“Are there no Islamic NGOs in the North? We are aware of no less than five NGOs that specialize in eliminating poverty among vulnerable people. In fact, one of them, the AlMajiri Child Right Initiative (ACRI), specializes in almajiri affairs. Is Rev. Kukah unaware of the existence of these Muslim NGOs? What effort has he made to find them?
“We have reliable information that some of the existing Muslim NGOs have made futile attempts to secure funding for similar projects from foreign donors. Why would the same donors suddenly show interest in funding the initiative of a Christian reverend father while still ignoring those of genuine Muslim NGOs?
“MURIC smells a rat. The Kukah intervention is nothing but a trap. It is also intended to ridicule northern leaders and Muslims. Even now that it has not started, there are insinuations here and there that Northern Muslims are incapable of rescuing the almajiri children and a reverend father has to come to their aid. We are of the strong opinion that there is a hidden derision in this.
“We caution foreign donors to desist from exploiting our predicament. We know about giving people fish to feed them for only one day thereby enslaving them forever. But we also know about teaching people how to fish thereby feeding and emancipating them for a lifetime.
“We invite foreign donors who are genuinely interested in helping the almajiris to do so through Muslim NGOs. This Kukah intervention is a time bomb. It is calculated at swinging the population pendulum in terms of which faith controls the North in the next twenty or twenty five years.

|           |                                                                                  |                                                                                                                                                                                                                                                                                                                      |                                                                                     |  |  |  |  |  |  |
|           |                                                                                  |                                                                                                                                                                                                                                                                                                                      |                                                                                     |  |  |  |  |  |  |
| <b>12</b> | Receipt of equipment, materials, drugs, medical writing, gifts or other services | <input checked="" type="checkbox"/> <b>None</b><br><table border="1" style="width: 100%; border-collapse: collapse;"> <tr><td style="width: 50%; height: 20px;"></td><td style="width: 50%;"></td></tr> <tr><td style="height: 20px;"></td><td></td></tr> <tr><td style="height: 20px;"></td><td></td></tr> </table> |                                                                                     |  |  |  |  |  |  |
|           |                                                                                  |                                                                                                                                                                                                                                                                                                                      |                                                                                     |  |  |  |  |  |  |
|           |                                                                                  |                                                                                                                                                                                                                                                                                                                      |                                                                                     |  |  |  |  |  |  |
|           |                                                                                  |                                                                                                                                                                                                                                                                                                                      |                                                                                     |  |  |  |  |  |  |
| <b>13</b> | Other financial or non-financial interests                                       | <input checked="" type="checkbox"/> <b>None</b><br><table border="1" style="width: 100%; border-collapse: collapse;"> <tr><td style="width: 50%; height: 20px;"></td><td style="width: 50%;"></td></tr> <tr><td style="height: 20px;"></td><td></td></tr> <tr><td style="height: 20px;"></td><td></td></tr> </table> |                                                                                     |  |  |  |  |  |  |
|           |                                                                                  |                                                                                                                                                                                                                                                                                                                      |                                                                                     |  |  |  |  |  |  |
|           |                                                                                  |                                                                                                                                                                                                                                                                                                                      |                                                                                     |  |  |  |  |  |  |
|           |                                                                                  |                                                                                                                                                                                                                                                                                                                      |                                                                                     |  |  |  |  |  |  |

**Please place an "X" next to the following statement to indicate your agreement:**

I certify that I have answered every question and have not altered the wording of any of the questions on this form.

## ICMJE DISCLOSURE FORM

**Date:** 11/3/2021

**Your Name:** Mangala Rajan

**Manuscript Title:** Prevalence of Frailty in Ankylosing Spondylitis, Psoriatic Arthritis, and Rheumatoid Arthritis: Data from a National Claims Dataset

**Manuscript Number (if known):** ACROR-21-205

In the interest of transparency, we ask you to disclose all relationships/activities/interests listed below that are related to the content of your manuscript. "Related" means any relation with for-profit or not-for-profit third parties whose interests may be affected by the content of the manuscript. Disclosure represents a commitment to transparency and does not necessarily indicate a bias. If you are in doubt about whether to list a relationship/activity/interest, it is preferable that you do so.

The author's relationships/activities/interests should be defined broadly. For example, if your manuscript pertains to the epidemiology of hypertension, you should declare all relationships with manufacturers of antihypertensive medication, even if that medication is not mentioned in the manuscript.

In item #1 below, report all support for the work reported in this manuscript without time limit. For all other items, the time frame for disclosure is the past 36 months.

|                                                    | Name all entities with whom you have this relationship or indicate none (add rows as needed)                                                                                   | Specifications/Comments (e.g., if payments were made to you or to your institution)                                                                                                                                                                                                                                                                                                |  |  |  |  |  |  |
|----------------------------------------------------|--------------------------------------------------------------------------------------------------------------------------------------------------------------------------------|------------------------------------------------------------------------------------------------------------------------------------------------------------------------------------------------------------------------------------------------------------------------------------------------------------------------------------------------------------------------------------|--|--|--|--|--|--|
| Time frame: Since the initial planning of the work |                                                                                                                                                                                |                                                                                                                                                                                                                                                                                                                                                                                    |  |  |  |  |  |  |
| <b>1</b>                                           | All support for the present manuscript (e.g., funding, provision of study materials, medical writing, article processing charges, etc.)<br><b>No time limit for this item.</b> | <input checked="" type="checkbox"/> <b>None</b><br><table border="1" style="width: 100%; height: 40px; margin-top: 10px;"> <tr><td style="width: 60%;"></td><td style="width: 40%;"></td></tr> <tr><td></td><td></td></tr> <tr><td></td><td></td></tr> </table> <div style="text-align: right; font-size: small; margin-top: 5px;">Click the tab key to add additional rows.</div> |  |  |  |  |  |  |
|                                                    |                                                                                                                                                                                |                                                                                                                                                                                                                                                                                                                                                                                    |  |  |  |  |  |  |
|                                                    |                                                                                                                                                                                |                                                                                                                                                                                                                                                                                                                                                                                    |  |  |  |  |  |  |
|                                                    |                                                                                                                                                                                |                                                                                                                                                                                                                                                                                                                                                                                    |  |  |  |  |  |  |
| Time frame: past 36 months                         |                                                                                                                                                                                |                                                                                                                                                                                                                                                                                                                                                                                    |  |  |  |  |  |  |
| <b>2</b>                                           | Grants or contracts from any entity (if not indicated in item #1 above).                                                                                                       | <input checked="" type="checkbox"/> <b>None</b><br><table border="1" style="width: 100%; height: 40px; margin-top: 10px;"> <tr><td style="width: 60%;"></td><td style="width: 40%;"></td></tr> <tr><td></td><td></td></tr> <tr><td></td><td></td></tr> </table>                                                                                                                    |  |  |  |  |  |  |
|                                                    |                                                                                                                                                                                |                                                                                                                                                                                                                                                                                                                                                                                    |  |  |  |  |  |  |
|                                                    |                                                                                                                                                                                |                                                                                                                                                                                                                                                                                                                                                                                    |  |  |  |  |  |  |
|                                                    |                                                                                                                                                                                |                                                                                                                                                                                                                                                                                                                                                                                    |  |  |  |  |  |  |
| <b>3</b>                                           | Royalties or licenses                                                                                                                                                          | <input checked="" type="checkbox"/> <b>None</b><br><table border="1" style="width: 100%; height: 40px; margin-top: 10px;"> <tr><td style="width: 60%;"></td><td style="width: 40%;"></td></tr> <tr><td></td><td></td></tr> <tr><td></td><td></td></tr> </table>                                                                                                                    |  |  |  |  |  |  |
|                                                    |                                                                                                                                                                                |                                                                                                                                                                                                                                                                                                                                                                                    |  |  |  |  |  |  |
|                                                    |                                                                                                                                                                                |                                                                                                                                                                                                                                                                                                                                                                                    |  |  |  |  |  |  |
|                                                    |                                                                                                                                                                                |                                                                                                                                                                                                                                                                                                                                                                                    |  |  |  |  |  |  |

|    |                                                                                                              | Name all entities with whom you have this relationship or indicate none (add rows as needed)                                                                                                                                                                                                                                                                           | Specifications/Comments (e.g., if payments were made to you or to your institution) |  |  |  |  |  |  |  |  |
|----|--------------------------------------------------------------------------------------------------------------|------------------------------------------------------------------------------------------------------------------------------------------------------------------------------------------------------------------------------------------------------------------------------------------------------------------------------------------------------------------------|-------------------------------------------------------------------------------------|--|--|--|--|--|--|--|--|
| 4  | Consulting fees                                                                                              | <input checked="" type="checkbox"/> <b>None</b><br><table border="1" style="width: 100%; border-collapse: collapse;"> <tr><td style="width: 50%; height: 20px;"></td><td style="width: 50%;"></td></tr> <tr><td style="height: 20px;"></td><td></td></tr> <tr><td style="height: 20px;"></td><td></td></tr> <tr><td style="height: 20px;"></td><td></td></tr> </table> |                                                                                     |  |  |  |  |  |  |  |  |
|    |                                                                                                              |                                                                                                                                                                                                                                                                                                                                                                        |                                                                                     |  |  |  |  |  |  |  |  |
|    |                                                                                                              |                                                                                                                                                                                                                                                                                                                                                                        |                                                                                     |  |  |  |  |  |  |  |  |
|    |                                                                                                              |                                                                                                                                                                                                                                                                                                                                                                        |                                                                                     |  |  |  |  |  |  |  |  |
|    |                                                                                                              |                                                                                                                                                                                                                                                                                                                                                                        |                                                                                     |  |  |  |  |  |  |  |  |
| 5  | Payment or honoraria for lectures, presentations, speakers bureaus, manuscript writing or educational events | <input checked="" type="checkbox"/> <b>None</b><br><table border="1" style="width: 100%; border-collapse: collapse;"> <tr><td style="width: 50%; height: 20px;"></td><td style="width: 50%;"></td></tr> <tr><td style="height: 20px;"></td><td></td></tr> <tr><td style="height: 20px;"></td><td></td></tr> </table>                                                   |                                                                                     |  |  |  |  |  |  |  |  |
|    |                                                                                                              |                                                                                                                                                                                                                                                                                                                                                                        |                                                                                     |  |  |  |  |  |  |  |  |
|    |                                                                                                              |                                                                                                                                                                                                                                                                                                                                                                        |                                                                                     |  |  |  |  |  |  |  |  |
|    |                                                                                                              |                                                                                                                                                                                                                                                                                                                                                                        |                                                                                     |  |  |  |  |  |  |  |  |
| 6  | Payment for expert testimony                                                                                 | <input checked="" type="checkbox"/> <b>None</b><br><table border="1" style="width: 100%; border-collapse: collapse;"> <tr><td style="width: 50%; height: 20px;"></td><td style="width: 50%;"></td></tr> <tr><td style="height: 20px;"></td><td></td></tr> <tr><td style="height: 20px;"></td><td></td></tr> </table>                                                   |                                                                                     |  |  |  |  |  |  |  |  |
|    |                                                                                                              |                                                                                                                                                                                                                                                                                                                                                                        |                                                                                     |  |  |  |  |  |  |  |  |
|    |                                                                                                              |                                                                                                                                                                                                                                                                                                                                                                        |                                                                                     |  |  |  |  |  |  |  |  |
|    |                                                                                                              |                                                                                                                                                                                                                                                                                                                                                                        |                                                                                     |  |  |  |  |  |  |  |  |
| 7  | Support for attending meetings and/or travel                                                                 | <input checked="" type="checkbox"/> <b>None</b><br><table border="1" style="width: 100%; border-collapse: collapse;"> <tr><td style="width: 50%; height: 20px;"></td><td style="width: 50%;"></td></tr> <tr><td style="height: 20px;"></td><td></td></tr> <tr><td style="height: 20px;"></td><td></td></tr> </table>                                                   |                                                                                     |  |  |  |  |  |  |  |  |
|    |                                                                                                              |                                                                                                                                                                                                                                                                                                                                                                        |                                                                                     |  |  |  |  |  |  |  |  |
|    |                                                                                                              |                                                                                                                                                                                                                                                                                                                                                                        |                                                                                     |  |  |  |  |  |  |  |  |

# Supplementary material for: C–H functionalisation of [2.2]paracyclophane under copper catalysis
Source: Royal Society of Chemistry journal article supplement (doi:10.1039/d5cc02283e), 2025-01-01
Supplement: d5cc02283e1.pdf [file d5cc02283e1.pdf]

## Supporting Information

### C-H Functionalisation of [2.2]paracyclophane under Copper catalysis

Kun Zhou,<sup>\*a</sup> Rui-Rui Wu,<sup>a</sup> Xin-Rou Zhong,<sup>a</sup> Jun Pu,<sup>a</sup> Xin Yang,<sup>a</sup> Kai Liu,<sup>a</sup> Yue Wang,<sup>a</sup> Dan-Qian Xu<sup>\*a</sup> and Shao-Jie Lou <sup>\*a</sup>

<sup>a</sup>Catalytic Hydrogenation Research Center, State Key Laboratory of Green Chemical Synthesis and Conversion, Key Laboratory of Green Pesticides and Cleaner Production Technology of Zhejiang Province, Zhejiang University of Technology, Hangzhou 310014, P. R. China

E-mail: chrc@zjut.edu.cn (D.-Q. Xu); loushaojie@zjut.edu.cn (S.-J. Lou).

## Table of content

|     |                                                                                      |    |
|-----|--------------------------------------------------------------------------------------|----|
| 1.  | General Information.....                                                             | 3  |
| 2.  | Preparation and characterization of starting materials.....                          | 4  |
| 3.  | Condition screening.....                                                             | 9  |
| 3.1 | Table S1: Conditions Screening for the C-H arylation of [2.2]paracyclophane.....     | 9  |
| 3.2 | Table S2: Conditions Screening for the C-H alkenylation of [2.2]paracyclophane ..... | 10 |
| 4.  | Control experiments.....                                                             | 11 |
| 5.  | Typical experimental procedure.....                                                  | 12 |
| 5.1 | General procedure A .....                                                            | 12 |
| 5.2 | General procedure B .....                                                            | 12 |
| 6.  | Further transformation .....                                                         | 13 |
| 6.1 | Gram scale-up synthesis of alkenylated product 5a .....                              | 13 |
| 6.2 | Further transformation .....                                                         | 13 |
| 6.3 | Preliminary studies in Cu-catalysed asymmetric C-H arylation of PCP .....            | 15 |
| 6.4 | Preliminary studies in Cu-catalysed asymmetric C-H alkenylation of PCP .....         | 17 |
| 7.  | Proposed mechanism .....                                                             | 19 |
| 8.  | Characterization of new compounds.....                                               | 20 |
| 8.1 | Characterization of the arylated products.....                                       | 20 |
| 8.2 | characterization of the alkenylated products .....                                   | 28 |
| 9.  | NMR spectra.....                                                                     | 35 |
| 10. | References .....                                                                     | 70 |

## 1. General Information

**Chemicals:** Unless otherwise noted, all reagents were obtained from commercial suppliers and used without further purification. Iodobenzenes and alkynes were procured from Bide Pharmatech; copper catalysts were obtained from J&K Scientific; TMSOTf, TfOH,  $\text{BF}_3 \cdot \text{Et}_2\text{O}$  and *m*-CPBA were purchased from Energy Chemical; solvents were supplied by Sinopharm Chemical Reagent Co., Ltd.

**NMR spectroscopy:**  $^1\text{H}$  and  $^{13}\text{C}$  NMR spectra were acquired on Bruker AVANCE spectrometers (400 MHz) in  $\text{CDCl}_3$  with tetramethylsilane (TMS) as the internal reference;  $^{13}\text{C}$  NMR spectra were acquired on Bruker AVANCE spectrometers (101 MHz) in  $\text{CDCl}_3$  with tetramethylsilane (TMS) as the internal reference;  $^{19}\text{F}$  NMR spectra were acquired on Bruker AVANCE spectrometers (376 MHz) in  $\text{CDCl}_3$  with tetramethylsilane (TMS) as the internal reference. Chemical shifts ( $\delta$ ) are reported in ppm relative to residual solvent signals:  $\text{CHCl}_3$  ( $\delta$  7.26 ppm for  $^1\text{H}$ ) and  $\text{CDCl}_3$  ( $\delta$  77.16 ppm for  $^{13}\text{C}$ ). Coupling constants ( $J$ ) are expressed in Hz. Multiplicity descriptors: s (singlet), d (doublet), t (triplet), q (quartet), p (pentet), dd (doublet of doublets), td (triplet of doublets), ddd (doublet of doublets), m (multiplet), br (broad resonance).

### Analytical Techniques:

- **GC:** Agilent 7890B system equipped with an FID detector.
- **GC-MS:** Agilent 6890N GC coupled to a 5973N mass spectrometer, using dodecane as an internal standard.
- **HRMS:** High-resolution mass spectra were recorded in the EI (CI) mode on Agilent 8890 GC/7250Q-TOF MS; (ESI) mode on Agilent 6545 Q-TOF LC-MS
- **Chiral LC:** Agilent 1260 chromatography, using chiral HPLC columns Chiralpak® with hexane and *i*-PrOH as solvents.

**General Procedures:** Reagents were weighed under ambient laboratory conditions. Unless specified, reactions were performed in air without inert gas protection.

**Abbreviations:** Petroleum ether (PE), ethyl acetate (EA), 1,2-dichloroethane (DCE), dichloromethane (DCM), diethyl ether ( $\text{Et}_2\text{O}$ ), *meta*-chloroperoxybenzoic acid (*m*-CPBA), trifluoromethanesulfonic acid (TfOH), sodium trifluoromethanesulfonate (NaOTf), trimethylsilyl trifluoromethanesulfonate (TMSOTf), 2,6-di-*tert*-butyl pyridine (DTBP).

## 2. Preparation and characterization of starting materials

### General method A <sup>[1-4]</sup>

“Christianity came to the South in the 19th century under the guise of Western education. Thousands of Muslims in the South-West were forcefully converted to Christianity in Western schools. Such a plan could not work in the North. The next target of the hot gospellers is the North and the weapon is going to be money. The West is pumping huge amounts of money into Christian movements in the North.
“On the contrary, the same West has subjected Islamic organizations in Nigeria to financial strangulation under the guise of fighting terror. Through blackmail and use of force, all Arab donors have been neutralized by the West. This has been happening for the past fifteen years. What kind of game is the West playing and how do we expect the Muslims to keep quiet when projects like the Kukah almajiri intervention come up? How do we start seeing the foreign donors as people who have good intentions for us? How can we trust those they sponsor? How can we trust Rev. Hasan Mathew Kukah?
“Is Kukah aware that another way of looking at the almajiris is to see them as Islamic students? Why would the teachers and parents look on while the Kukah initiative lasts? There is therefore every possibility that the initiative may lead to religious crisis midway.
“To secure the confidence of Northern Muslims, Kukah should put his cards on the table. Who are the donors? How much are we looking at? What is the time frame? This project is not transparent enough. It is an attempt to blindfold Northern Muslims while their children and Islamic students are taken into spiritual slavery under the guise of economic and educational assistance. Nigerian Muslims have seen enough from their Christian neighbours to make them wary of ‘generous’ offers.
“As we draw the curtain, we suggest that Kukah should take Muslim NGOs in the North into confidence. He can co-opt some of them into a committee, allow them to do the implementation while he and the donors monitor the use of funds for the project. Whatever training the almajiri children receive should include the learning of Arabic language and Islamic studies. Anything short of this is unacceptable.”